New Fossils Help Piece Together Human Origins

January 21, 2005

Fossil fragments of an early species of hominid have been unearthed with rhino, giraffe, monkey, hippo, and antelope remains in Africa. Hominids are upright-walking primates including modern humans and extict and related forms. The new fossils are helping scientists piece together the earliest chapters of human evolution.

The fossils were unearthed from the Gona Study Area at As Duma in Ethiopia's Afar region and are dated to between 4.3 and 4.5 million years ago.

The research team said the fossils were of the Ardipithecus ramidus species. This hominid species lived shortly after hominids split from the common ancestor that gave rise to both chimpanzees and hominids some six to eight million years ago.

Hominids gave rise to a number of human and near human species, including the extinct Neandertals and the hobbit-like Homo floresiensis—and the only surviving species, Homo sapiens.

"Gona is only one of two sites that have produced Ardipithecus ramidus," said Sileshi Semaw, the Indiana University paleoanthropologist who led the research team. "As we go back in time prior to four million years ago, we don't have that many fossils of hominids."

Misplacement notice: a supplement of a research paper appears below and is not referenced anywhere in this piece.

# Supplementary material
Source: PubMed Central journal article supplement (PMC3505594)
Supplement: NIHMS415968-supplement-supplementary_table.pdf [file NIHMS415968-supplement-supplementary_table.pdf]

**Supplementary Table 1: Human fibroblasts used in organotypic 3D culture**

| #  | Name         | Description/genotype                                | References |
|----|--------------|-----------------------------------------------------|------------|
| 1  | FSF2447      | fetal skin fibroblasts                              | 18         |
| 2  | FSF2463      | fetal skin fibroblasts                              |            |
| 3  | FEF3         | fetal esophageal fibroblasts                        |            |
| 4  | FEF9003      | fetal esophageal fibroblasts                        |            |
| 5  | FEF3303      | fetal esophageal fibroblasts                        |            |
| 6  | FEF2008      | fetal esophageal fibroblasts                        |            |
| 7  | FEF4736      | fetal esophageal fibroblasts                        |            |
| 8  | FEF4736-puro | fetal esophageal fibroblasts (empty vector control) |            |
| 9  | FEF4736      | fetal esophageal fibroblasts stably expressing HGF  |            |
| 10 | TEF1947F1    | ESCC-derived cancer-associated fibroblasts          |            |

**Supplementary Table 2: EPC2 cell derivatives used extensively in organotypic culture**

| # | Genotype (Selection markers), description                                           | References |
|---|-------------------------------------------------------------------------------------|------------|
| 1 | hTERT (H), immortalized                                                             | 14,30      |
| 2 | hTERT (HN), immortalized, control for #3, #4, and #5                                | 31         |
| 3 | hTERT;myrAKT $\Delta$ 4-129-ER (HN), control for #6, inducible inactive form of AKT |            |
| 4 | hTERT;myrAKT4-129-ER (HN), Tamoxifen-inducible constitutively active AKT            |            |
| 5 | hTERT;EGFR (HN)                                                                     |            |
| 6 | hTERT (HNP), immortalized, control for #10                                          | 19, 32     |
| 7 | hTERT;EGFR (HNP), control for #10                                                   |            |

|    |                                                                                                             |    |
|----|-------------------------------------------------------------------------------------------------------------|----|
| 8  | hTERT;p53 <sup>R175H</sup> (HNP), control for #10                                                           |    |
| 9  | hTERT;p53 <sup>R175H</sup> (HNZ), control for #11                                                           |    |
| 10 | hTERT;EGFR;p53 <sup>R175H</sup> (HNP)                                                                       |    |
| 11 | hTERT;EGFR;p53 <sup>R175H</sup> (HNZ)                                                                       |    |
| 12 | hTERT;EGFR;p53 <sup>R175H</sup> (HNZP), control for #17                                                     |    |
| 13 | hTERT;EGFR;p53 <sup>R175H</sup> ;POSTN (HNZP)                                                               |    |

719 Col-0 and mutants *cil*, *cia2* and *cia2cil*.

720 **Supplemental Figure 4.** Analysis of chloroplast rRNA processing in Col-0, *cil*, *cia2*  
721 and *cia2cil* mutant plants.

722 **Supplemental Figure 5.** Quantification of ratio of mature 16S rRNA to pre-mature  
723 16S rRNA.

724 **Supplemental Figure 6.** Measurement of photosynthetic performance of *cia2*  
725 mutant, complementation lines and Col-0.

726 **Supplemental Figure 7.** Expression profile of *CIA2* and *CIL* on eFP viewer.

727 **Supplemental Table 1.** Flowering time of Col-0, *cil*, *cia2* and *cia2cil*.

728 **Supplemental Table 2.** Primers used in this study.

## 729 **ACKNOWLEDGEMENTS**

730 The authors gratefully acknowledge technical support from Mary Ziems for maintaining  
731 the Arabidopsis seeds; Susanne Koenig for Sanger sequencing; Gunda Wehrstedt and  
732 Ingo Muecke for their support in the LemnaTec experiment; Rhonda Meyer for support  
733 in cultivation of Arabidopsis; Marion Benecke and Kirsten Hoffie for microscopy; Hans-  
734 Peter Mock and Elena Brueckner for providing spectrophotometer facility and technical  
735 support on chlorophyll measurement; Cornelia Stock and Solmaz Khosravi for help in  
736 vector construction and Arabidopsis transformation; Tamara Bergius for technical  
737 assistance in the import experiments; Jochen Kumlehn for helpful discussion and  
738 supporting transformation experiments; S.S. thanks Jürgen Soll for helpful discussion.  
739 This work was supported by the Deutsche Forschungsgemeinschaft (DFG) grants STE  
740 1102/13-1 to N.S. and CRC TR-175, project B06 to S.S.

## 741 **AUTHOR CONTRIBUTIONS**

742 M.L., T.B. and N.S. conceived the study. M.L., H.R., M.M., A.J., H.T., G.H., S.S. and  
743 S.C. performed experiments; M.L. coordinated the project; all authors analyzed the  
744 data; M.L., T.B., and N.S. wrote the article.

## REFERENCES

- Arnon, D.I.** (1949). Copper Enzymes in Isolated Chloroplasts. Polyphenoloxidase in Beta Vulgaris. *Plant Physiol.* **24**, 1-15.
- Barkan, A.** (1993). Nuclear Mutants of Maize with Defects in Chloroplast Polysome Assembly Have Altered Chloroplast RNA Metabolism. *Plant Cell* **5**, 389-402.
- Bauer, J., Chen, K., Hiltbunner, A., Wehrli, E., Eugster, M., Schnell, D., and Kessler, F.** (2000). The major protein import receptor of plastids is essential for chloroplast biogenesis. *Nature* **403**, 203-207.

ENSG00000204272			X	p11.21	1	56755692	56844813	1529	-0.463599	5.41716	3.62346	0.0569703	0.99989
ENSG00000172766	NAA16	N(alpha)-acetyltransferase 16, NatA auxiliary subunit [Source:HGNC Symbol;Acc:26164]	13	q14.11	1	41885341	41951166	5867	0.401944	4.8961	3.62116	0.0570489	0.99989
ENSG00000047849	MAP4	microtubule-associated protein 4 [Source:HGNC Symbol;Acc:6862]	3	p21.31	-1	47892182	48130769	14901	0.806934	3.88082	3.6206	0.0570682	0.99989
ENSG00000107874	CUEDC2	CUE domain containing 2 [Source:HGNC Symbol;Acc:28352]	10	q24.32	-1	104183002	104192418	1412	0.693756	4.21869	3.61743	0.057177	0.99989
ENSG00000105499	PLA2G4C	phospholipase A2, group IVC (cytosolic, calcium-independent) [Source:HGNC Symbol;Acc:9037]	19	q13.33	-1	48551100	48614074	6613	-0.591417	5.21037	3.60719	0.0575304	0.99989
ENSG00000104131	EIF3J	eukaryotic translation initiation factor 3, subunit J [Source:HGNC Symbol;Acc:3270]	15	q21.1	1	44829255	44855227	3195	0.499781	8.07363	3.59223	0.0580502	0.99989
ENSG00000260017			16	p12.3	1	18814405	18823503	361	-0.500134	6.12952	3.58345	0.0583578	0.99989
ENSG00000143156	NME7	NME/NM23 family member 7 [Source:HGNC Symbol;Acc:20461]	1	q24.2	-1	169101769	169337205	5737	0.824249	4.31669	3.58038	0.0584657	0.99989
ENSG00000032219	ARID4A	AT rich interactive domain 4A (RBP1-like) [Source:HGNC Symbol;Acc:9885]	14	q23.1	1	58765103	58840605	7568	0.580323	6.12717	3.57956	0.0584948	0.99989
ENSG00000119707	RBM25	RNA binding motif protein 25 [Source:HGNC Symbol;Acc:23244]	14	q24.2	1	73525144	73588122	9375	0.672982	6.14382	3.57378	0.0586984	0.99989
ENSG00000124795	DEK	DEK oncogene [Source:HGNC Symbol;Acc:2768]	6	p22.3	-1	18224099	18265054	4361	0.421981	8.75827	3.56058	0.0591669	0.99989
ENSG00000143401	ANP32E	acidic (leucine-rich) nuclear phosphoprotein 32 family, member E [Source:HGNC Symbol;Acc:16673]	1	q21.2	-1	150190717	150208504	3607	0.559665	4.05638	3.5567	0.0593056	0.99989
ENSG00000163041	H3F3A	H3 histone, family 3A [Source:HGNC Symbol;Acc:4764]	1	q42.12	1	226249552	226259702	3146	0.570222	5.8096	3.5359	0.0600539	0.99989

As a result, Semaw added, scientists are forced to piece together this early history from tiny bits and pieces.

A. ramidus fossils were first discovered about 12 years ago about 62 miles (100 kilometers) south of Gona by anthropologist Tim White and colleagues at the University of California, Berkeley.

The newly discovered fossils consist of tooth, jaw, finger, and toe fragments belonging to at least nine individuals. The shape of the toe bones indicates that the hominids walked upright on two feet, similar to humans, Semaw said.

The Gona team published their finding this week in the science journal Nature. The research was supported in part by a grant from the National Geographic Society's Committee for Research and Exploration.

Woodlands and Grasslands

Christophe Soligo studies primate evolution at the Natural History Museum in London, England. He said that the most interesting aspect to the research at Gona is the analysis of all the big mammals found in the vicinity of the hominid fossils.

By looking at the teeth structure of these animals and the evidence of ancient plants preserved in the soils, Semaw and his colleagues determined that the environment was a mosaic of woodlands and open grasslands with lakes, swamps, and springs nearby.

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